Concerns grow over disused railway tunnel being ‘left to collapse’

Queensbury Tunnel (Picture FourByThree)
Queensbury Tunnel (Picture FourByThree)

Campaigners are growing concerned over the condition of a railway tunnel between Halifax and Bradford.

The 1.4-mile long Queensbury Tunnel is the focus of an ongoing campaign to reopen it as part of a cycle network linking Bradford and Keighley to Halifax.

READ MORE: Safety work to start on Queensbury Tunnel

However Highways England’s Historical Railway Estate (HRE), which manages the tunnel for the Department for Transport, intends to permanently close it at an estimated cost to the taxpayer of £3.6 million.

According to the Queensburt Tunnel Society a recent report into coal mining risks by Jacobs, HRE’s consulting engineers, shows that only short sections of the tunnel would be infilled as part of the proposed abandonment scheme, amounting to about 15% of its total length.

READ MORE: Queensbury Tunnel safety concerns reported to HSE

They say the remainder - mostly passing beneath the populated part of Queensbury - would be left to collapse, including a 300-metre long section where the lining is already failing.

Graeme Bickerdike, Engineering Co-ordinator for the Queensbury Tunnel Society, said: “If reopening the tunnel as a cycle path proves not to be viable, there are two reasonable options for its future management. HRE could undertake a basic repair programme to stabilise the higher-risk areas and then continue with a regime of inspection and maintenance.

"This has not even been considered. Alternatively, the section under the village could be infilled. Instead HRE intends to progress a third option - abandonment on the cheap: seal both ends, walk away, cross their fingers. Lengthy sections will be left unfilled, with no access available to see what’s happening in them.”

READ MORE: Men killed in historic tunnel construction would 'turn in their graves' if it was closed

Councillor Andrew Senior, who represents Queensbury ward, said: “Several times this year, HRE has told us that the tunnel presents a threat to the community and action now needs to be taken. But it’s becoming increasingly clear that the only real threat to the community comes from HRE.

“In this day and age, it is not appropriate for a government-owned company to wash its hands of the tunnel in a way that leaves uncertainty for those who live above it. We know from past experience that cutting corners to save money can come at a high price.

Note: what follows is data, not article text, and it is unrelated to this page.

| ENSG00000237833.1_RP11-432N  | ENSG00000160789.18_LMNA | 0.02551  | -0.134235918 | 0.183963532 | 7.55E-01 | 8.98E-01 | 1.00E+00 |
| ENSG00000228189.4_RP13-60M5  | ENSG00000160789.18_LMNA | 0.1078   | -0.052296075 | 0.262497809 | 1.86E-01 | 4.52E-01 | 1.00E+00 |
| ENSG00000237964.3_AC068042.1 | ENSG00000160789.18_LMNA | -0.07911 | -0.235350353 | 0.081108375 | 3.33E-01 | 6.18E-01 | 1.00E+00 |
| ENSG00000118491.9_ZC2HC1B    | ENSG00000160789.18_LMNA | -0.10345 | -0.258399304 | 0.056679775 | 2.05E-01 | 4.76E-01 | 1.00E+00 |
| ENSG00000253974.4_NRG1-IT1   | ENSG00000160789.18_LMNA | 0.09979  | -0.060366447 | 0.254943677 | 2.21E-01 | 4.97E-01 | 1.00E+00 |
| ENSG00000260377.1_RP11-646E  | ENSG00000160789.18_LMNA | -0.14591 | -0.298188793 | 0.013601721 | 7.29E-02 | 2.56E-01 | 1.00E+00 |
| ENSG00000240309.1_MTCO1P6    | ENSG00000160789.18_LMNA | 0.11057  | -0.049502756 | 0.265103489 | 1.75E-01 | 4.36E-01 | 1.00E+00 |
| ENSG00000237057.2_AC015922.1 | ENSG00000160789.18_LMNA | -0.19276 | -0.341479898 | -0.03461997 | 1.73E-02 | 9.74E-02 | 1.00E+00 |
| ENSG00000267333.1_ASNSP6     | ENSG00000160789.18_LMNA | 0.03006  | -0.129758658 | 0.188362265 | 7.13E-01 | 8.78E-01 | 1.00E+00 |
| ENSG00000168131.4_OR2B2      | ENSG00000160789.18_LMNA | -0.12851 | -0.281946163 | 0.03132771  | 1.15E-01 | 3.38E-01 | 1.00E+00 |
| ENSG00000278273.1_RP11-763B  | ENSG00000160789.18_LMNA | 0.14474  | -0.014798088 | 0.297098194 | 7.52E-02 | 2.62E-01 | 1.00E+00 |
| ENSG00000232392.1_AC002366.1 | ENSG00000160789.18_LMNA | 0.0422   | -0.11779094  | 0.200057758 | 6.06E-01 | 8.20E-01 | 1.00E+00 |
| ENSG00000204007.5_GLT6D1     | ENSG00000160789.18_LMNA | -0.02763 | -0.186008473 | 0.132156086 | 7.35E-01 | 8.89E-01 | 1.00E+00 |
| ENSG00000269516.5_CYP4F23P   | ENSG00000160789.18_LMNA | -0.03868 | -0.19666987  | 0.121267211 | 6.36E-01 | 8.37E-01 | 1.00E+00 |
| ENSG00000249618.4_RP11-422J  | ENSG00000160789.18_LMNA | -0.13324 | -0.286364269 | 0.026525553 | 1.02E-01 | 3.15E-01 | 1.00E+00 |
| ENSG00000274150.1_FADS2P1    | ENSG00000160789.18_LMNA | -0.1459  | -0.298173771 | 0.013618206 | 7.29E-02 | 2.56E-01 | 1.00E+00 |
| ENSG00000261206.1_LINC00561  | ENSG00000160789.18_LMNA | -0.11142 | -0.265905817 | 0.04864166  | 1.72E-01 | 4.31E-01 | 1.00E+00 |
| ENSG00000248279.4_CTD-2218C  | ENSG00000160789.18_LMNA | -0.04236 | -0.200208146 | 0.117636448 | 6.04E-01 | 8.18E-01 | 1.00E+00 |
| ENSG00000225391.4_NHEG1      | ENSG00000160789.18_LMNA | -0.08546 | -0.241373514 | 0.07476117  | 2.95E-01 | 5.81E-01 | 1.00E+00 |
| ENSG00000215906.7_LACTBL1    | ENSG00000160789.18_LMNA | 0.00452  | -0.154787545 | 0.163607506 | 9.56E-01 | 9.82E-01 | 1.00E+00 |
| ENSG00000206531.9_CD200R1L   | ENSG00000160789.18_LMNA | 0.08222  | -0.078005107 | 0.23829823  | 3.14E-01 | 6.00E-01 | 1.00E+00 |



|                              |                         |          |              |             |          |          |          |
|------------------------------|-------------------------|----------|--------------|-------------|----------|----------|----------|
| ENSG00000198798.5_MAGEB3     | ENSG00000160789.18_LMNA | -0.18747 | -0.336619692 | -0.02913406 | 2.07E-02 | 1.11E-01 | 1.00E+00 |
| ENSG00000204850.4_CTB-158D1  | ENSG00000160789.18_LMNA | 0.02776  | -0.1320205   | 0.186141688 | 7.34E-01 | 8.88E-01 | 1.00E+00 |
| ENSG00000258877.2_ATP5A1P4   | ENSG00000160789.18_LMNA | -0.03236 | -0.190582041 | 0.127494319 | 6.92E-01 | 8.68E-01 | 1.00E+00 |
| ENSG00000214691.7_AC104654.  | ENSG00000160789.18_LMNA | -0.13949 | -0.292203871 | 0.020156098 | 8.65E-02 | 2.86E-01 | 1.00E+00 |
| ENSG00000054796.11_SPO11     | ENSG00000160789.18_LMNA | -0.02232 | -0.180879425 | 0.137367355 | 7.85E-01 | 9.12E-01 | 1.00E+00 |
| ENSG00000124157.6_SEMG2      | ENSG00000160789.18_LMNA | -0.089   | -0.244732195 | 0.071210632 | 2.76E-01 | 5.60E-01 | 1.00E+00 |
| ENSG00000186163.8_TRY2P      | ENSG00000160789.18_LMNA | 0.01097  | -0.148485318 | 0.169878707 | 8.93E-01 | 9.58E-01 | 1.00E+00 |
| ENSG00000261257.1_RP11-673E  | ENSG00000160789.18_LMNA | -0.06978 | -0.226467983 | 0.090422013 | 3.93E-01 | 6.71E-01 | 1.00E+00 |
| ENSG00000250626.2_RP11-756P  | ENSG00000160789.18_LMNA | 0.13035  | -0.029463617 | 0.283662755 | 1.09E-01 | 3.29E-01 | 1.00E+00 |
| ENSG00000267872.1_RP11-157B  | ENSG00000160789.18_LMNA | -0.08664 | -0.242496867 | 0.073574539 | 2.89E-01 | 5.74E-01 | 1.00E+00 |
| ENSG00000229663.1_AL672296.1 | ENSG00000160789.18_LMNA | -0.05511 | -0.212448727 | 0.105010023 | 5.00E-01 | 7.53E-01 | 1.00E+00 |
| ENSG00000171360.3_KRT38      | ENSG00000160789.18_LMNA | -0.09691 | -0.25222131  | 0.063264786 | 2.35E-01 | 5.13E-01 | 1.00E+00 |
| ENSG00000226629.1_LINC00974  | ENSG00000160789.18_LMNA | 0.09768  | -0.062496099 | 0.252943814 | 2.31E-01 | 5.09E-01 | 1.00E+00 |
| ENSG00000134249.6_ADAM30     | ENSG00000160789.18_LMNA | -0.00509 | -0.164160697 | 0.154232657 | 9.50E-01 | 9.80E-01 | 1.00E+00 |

“This is not just a technical exercise whereby experts decide whether thresholds have been met; there is also the question of public confidence. Why should we believe HRE when they’ve already proved themselves unable to effectively assess the risks presented by Queensbury Tunnel?”

It’s understood that provisional abandonment plans, sent to Bradford Council in May, were subsequently costed at £7 million by HRE’s contractor, more than double the original estimate. Since then, engineers have been working to develop a lower-cost scheme which is expected to be submitted for planning permission in the coming weeks.

A spokesperson for Highways England said:“The safety of the community is paramount and the Department for Transport, the owners of the tunnel, agree that safety work to reduce the risk to the community around Queensbury Tunnel should be undertaken as soon as possible. Phase 1 of the proposed work has started and involves partial strengthening of the most vulnerable areas of the tunnel which will also provide a safe working area throughout the tunnel for any future work undertaken.

“We are working closely with Bradford Council on the preparation of the planning application for Phase 2 of our safety work. Further liaison with the Coal Authority will provide greater understanding in respect of any impact of the proposed work in Phase 2 with potential unrecorded mine workings. This will ensure that our plans are subject to the necessary scrutiny by both the Council’s planning and technical teams and statutory consultees. It is not expected that a final decision on the application will now be reached until spring 2019.

“We understand that Bradford Council is still considering a potential transfer of the tunnel so that it could be re-opened and used as a local sustainable transport corridor. Any such transfer could be quickly achieved.”